Remarkably, that would be the closest Djokovic would get to a service break all match long. The Serbian never even reached deuce on the German's serve. In my memory, that has never happened to Djokovic since he moved into the forefront of the game in 2007. To be sure, Zverev served beautifully with extraordinary deception and a good variety of locations, but the fact remains that Djokovic had a horrendous afternoon on the return of serve. His customarily swift reactions were flagrantly missing. He did not keep enough returns in play and those that did land in the court were much too short. Zverev is a first rate server but he is no Nick Kyrgios. Djokovic failed to break the Australian in their showdowns in Acapulco and Indian Wells on hard courts but that was understandable the way Kyrgios was finding the corners with his devastatingly potent first serve serve and his audacious second serve on faster courts. To never threaten Zverev across two sets on clay was hard to comprehend and impossible to justify.

In any case, Djokovic was clearly uneasy about his inability to read the Zverev serve. Meanwhile, Zverev was stationed far behind the baseline for his returns and Djokovic was not exposing the German for that court positioning with regularity. Serving at 2-4, 40-30, Djokovic missed wildly on a backhand down the line. He did move to a second game point and then got away with a badly executed backhand crosscourt drop shot as Zverev bungled his reply and Djokovic held. Zverev opened the eighth game with a double fault but he swept the next four points for a 5-3 lead, serving an ace on the penultimate point. Djokovic held on at the cost of only one point for 4-5 but no nerves surfaced when Zverev served for the set in the tenth game. A penetrating backhand crosscourt took him to 15-0. He aced Djokovic down the T for 30-0, aced him out wide for 40-0 and eventually held at 15 to seal the set 6-4.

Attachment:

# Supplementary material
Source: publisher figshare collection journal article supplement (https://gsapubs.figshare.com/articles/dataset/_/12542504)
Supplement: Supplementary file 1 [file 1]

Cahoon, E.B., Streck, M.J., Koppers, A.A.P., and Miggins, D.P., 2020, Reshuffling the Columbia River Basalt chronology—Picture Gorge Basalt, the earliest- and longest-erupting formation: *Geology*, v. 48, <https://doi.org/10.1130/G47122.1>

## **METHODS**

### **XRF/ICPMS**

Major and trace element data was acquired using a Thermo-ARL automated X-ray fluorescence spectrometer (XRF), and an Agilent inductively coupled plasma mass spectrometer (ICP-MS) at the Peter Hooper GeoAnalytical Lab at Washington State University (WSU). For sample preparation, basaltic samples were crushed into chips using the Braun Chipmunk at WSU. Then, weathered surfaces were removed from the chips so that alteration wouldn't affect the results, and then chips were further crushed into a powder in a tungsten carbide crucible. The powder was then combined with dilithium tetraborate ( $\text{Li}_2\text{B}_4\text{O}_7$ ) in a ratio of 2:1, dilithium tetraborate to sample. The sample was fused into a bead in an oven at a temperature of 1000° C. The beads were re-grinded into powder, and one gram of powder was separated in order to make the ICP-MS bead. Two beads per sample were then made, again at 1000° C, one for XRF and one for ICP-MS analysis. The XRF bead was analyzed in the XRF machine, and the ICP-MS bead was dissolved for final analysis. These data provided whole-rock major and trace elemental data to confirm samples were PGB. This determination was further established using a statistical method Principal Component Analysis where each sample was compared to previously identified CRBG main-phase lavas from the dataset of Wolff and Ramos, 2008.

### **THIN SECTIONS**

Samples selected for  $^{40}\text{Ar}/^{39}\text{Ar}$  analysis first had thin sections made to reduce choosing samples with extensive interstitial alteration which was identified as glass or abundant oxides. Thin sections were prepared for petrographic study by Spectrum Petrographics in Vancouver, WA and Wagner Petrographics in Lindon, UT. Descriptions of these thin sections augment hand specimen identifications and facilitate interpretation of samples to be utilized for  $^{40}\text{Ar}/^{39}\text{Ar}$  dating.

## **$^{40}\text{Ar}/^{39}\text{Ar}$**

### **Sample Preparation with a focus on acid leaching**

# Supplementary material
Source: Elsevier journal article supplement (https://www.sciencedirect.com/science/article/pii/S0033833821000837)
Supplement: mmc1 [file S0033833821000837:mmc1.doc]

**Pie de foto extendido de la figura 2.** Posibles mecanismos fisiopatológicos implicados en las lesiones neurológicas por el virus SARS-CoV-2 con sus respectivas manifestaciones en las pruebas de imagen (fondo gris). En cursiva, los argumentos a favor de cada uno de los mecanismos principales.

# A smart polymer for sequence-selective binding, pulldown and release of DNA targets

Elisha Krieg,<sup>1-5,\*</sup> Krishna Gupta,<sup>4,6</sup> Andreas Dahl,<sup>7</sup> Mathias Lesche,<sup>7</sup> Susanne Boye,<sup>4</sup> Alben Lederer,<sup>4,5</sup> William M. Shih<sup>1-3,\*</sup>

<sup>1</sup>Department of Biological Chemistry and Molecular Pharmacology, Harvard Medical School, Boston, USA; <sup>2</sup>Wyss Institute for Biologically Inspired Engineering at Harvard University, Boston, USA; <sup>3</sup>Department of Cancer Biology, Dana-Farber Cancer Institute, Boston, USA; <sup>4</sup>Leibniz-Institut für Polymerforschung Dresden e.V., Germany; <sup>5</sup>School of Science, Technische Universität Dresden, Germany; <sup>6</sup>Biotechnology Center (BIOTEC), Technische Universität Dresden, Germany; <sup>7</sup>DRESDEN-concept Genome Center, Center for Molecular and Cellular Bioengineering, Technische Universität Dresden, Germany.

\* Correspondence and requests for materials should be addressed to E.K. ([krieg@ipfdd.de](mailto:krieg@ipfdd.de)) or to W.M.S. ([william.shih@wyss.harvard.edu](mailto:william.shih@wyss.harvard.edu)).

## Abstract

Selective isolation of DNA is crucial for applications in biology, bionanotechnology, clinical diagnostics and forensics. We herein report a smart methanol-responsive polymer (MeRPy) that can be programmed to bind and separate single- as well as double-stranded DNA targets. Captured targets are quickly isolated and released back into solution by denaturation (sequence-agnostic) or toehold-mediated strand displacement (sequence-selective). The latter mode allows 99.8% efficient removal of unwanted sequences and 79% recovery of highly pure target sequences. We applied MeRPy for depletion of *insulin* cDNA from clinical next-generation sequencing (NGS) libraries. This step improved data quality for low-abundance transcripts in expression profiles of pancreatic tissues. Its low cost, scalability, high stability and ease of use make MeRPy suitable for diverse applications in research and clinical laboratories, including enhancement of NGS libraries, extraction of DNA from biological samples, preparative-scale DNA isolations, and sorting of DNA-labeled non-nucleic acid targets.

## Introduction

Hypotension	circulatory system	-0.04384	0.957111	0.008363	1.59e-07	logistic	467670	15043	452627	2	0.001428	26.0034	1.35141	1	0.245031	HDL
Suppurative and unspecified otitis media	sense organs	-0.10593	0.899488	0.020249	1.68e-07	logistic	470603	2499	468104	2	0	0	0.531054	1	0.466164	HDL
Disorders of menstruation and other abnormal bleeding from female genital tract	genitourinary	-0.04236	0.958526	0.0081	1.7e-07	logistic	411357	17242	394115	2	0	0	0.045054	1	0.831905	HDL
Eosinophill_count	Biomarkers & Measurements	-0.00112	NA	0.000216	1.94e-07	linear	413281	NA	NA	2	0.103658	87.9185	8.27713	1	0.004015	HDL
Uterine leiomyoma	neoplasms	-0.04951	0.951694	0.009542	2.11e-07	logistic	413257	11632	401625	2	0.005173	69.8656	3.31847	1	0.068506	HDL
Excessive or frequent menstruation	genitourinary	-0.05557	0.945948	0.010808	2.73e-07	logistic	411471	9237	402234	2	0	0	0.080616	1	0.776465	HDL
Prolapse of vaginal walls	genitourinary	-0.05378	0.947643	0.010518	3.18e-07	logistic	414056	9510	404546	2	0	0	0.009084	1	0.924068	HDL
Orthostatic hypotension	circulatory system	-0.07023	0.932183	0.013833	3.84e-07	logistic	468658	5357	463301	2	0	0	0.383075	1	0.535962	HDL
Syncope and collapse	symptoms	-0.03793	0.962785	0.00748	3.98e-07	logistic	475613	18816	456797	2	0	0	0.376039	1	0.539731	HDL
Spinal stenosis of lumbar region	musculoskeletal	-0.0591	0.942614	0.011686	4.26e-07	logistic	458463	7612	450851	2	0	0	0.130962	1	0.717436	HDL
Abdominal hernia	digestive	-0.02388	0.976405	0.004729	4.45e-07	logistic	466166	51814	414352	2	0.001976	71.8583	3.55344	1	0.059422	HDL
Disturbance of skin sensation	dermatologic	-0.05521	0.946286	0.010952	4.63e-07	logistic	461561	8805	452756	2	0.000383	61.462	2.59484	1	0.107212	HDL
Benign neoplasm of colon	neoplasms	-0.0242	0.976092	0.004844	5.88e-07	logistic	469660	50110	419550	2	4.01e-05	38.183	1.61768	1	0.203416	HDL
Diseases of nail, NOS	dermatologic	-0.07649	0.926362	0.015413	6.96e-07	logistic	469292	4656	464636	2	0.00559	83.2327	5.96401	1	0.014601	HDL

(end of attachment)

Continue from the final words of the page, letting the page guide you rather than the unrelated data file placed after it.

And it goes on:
Djokovic looked to regroup in the second set but his demeanor was largely negative and there was no sign of life from the Serbian despite a hold at 30 for 1-0. Zverev held at 15 for 1-1 and then went to work, striving for a service break in the third game. Djokovic steered a forehand long for 0-15, netted a forehand slice from well behind the baseline, but then rallied to 30-30. Now Zverev walloped a spectacular backhand winner down the line to set up a break point. Djokovic gave that one away with a feebly netted forehand down the line, hit with absolutely no conviction.